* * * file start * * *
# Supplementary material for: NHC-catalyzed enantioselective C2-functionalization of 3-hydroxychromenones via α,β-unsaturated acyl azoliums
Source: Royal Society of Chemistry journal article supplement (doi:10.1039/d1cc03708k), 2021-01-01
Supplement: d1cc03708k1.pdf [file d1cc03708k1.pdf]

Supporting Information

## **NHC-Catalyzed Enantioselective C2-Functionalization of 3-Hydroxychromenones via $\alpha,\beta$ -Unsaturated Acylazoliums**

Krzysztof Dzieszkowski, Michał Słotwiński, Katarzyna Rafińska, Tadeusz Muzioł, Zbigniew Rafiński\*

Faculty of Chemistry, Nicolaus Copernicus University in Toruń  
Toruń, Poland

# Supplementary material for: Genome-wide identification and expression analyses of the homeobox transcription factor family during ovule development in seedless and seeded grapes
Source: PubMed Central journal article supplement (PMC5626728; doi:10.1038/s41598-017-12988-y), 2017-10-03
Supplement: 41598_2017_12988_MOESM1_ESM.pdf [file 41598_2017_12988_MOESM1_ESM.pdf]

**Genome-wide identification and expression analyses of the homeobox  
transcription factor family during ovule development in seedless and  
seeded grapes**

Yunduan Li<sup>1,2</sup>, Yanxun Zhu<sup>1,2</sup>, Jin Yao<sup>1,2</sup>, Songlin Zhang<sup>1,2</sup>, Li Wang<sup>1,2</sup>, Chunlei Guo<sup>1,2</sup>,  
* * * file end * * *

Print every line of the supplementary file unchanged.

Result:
# Supplementary material for: NHC-catalyzed enantioselective C2-functionalization of 3-hydroxychromenones via α,β-unsaturated acyl azoliums
Source: Royal Society of Chemistry journal article supplement (doi:10.1039/d1cc03708k), 2021-01-01
Supplement: d1cc03708k1.pdf [file d1cc03708k1.pdf]

Supporting Information

## **NHC-Catalyzed Enantioselective C2-Functionalization of 3-Hydroxychromenones via $\alpha,\beta$ -Unsaturated Acylazoliums**

Krzysztof Dzieszkowski, Michał Słotwiński, Katarzyna Rafińska, Tadeusz Muzioł, Zbigniew Rafiński\*

Faculty of Chemistry, Nicolaus Copernicus University in Toruń  
Toruń, Poland

# Supplementary material for: Genome-wide identification and expression analyses of the homeobox transcription factor family during ovule development in seedless and seeded grapes
Source: PubMed Central journal article supplement (PMC5626728; doi:10.1038/s41598-017-12988-y), 2017-10-03
Supplement: 41598_2017_12988_MOESM1_ESM.pdf [file 41598_2017_12988_MOESM1_ESM.pdf]

**Genome-wide identification and expression analyses of the homeobox  
transcription factor family during ovule development in seedless and  
seeded grapes**

Yunduan Li<sup>1,2</sup>, Yanxun Zhu<sup>1,2</sup>, Jin Yao<sup>1,2</sup>, Songlin Zhang<sup>1,2</sup>, Li Wang<sup>1,2</sup>, Chunlei Guo<sup>1,2</sup>,  